Nevada and Eastern California
PO Box 8096
Reno, NV 89507
WILL FEDERAL STUDY SAVE GREAT BASIN NATIONAL PARK?
Lehman Cave, Great Basin National Park, Nevada. Photo by Howard Goldbaum
Great Basin National Park in far eastern Nevada is famous for
its scenery, both its extensive underground limestone caves and its
stunning mountains and cliffs filled with bristlecone pine and aspen
forests, a rock-ice glacier, and sparkling trout-filled steams.
Nevada's only National Park is bordered by Spring Valley on
the west and Snake Valley on the east, both prime targets of the
proposal by the Southern Nevada Water Authority (SNWA) to pump and
export up to 110,000 acre-feet of groundwater through hundreds of miles
of pipelines south to Las Vegas to support growth and development.
In 2007, the Nevada State Engineer approved SNWA's
applications to take 40,000 acre-feet from Spring Valley and has
required monitoring to determine pumping impacts before another 20,000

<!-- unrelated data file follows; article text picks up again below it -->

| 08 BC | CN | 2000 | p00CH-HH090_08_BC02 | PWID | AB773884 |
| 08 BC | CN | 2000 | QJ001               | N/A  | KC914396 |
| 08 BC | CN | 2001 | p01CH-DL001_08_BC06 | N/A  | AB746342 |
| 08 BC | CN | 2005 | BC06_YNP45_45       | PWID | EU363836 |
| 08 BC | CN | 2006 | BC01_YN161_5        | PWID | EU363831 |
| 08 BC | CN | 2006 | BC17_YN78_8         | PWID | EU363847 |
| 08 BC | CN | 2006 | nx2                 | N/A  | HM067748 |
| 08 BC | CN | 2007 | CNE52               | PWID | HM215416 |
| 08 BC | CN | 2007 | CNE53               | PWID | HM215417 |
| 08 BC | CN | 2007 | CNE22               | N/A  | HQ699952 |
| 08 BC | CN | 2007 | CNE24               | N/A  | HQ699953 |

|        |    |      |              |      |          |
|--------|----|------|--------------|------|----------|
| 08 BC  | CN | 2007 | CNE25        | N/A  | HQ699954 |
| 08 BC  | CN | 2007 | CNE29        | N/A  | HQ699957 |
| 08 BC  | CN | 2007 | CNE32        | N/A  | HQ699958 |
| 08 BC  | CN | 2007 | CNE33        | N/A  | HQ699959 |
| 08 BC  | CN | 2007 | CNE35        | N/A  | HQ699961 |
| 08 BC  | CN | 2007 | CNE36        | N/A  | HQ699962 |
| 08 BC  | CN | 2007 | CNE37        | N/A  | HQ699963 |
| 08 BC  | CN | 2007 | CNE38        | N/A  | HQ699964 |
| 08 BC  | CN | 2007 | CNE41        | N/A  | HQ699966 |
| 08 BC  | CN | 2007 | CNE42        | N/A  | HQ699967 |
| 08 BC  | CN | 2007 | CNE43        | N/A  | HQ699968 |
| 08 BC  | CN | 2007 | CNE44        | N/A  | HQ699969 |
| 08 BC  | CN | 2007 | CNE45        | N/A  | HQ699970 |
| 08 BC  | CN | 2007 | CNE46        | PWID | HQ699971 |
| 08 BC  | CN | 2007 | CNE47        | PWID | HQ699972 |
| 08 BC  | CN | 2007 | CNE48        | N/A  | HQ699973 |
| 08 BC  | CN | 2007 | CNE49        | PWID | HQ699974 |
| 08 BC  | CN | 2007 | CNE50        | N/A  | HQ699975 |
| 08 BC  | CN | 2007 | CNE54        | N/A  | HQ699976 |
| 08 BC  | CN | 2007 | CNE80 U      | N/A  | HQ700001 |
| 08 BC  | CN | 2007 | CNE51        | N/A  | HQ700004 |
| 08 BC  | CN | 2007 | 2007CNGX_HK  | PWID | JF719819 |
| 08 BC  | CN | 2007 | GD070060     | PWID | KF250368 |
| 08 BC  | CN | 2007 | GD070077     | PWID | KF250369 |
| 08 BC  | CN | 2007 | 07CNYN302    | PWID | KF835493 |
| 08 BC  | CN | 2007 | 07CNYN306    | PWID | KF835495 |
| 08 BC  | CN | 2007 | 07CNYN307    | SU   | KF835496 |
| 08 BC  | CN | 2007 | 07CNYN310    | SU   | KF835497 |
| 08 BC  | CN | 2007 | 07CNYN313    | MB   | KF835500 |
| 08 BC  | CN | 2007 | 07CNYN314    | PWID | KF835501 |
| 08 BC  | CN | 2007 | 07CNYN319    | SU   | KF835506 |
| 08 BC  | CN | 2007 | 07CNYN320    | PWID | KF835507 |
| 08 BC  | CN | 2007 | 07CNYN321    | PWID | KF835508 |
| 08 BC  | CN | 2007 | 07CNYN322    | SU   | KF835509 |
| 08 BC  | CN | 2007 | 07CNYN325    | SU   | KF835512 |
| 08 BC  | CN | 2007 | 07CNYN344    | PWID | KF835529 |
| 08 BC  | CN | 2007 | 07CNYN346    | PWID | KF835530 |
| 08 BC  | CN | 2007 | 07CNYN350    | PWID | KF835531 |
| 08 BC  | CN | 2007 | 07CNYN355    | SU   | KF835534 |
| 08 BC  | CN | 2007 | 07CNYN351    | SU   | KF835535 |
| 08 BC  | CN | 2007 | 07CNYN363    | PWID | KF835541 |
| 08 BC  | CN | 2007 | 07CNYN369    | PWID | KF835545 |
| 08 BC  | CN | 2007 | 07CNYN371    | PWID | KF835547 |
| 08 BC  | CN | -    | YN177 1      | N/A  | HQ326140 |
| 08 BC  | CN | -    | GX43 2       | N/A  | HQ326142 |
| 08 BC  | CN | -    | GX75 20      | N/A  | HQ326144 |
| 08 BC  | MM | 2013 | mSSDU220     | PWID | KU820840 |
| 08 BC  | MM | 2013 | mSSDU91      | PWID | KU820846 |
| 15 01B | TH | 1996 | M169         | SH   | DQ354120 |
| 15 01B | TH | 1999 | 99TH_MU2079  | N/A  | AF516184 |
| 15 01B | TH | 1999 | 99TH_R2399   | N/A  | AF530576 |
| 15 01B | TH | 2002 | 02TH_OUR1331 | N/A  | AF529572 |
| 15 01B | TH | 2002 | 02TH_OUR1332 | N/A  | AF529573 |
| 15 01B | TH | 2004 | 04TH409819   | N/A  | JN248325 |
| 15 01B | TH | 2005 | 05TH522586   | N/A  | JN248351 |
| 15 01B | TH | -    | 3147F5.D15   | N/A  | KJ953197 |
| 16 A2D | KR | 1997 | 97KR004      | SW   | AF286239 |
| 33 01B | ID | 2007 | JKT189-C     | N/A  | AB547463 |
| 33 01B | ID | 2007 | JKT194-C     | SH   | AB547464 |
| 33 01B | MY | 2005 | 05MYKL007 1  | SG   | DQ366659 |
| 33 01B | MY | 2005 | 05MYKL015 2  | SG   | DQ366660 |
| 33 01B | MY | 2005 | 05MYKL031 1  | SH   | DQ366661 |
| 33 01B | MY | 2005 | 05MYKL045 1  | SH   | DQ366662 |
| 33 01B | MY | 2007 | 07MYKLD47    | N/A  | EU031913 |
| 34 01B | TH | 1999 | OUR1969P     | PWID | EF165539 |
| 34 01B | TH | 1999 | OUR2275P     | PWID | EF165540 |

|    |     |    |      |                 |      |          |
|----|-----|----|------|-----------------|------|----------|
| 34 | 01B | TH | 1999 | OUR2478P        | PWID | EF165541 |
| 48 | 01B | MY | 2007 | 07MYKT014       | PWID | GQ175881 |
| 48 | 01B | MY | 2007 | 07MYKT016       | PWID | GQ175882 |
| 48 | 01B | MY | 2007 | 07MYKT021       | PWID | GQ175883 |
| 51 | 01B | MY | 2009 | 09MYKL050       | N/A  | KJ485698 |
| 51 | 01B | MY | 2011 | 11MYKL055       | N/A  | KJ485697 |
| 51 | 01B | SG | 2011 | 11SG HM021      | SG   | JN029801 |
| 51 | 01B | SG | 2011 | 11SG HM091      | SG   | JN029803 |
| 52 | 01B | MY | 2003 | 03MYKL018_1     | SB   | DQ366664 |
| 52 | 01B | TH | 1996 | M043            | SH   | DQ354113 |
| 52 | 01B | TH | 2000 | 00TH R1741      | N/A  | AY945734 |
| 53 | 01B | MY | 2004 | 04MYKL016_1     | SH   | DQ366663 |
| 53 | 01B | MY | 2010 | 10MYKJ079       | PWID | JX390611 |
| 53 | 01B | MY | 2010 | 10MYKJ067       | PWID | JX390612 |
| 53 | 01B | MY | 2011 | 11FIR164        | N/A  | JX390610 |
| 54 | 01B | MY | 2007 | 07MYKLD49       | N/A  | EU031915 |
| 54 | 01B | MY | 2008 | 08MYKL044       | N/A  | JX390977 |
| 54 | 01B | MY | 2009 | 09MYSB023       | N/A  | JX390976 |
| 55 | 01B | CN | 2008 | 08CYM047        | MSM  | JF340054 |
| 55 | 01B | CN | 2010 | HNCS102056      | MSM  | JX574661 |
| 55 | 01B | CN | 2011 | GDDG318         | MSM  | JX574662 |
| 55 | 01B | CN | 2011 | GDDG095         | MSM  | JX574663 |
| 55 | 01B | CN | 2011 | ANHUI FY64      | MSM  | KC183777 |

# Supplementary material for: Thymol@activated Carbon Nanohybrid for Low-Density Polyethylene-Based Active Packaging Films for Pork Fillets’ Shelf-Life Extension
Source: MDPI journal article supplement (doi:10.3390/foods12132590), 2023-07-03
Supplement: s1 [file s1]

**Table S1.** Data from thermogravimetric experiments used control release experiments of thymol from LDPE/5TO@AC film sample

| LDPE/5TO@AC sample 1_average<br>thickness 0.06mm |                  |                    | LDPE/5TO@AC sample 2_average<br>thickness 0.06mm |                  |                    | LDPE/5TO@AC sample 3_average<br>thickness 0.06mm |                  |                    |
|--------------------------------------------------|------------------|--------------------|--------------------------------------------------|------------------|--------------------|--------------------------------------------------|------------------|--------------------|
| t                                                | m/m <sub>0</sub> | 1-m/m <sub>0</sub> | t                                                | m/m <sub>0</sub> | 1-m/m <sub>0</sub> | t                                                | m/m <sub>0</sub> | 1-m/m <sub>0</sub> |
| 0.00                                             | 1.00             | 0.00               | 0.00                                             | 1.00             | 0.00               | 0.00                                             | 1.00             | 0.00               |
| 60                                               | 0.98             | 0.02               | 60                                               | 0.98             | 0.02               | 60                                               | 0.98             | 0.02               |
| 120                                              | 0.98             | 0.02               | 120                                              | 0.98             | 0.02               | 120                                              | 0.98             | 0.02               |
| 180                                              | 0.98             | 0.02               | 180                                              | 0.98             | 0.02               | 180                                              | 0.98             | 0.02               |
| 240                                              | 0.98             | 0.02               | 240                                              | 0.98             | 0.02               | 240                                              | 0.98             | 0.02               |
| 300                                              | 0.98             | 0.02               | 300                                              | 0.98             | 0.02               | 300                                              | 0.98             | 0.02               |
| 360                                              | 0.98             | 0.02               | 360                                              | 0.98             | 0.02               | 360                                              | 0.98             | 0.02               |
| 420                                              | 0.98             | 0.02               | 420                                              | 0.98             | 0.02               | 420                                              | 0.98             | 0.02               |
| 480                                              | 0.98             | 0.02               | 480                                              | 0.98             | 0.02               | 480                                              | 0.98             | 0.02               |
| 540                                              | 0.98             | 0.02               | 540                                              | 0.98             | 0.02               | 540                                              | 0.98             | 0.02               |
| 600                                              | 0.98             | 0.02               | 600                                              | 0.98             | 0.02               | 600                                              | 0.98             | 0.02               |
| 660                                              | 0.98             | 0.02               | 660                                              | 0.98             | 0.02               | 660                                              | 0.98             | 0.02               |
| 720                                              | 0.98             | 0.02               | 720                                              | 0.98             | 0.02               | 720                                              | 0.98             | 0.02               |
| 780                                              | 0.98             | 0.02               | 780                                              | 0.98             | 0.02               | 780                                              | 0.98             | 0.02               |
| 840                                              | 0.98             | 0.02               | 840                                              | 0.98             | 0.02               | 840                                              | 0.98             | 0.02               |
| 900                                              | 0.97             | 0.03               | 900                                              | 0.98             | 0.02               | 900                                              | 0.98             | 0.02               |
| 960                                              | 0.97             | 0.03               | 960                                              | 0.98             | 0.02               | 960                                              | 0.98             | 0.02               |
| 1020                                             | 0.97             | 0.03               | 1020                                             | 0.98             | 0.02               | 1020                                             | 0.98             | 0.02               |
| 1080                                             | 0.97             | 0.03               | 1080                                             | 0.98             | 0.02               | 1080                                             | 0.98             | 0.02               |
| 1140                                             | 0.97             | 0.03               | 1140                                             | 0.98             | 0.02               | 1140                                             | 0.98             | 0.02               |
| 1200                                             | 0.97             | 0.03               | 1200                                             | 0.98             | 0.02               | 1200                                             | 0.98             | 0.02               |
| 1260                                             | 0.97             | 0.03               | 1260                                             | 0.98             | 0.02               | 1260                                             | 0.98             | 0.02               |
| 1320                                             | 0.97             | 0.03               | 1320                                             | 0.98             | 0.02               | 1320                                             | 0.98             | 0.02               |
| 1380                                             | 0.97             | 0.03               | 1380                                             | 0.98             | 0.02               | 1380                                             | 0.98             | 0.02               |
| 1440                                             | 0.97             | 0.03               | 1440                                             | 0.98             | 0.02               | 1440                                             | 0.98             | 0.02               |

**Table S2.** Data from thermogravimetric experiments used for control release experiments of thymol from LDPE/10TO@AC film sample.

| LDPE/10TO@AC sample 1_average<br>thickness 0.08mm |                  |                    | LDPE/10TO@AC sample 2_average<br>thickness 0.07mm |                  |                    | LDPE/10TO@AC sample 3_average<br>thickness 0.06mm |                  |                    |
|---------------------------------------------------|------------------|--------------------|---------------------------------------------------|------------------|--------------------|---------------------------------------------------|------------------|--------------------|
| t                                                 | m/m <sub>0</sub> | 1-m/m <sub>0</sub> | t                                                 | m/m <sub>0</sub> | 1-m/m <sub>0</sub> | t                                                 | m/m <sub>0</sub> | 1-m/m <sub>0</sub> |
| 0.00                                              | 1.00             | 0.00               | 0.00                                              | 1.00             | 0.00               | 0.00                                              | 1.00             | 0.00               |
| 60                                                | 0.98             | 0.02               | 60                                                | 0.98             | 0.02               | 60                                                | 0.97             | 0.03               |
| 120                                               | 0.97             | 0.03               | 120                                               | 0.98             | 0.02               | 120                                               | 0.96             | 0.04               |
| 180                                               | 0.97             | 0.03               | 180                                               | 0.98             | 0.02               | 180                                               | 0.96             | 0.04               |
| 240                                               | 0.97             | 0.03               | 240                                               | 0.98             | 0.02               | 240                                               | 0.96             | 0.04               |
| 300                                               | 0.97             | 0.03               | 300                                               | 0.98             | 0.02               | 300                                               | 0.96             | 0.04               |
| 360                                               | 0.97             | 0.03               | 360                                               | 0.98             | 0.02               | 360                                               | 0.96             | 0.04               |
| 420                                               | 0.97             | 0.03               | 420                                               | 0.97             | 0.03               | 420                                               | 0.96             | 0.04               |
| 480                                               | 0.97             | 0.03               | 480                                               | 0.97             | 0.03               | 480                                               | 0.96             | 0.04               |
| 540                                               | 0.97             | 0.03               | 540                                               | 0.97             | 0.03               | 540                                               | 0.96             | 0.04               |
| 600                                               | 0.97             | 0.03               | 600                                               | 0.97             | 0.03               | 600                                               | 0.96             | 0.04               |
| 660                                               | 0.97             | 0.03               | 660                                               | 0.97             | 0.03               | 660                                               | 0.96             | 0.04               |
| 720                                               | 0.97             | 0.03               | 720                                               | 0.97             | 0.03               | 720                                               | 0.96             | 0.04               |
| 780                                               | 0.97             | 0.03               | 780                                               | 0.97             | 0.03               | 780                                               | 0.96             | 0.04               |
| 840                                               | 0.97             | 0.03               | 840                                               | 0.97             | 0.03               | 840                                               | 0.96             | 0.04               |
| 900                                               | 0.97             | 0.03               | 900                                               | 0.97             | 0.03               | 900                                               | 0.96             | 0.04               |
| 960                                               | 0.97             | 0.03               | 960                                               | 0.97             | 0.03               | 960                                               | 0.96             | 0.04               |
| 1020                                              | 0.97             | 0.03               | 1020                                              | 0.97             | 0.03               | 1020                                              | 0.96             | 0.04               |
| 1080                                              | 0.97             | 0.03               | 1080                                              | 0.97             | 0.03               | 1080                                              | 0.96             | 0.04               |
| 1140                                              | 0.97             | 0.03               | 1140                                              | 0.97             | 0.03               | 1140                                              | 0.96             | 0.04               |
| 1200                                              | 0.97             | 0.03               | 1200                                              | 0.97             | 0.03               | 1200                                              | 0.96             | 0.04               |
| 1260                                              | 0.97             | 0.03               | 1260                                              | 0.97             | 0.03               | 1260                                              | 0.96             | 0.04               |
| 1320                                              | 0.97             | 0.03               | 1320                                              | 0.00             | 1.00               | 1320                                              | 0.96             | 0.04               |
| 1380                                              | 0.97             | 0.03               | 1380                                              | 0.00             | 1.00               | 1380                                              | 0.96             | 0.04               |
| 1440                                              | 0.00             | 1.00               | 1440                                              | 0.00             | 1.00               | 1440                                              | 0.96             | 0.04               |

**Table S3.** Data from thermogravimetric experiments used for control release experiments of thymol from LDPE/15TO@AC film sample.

acre-feet could be taken. Scientific studies have shown that
Spring Valley is hydrologically connected to Snake Valley, but the
impacts of SNWA pumping on underground flows from Spring to Snake is
not known. The Engineer has set September, 2009 for the last
major protest hearing for SNWA applications in Snake Valley - another
Will SNWA pumping and removal of groundwater from the valleys
surrounding the Park affect the hydrology which currently results in
the very slow creation of the stalactites, stalagmites, helecites,
shields, and many other unusual shapes, drop by drop? Will
dropping water tables caused by pumping groundwater in SNWA wells, some
directly adjacent to the Park, dry up springs, creeks and
meadows? Will SNWA pumping in Spring Valley capture groundwater
currently flowing east to Snake Valley and into Utah?
A new 3-year study by four federal agencies, the US Geological
Survey, and Desert Research Institute will collect and analyze data on
the connections between groundwater and surface water, water-dependent
ecological features, and the regional carbonate aquifer, the known
source of many of the high-discharge springs.
Will the study results come too late to save the Great Basin
National Park is the question confronting Sierra Club leaders and local
residents and Park-supporters?
The study details can be found at http://pubs.usgs.gov/fs/2008/3071.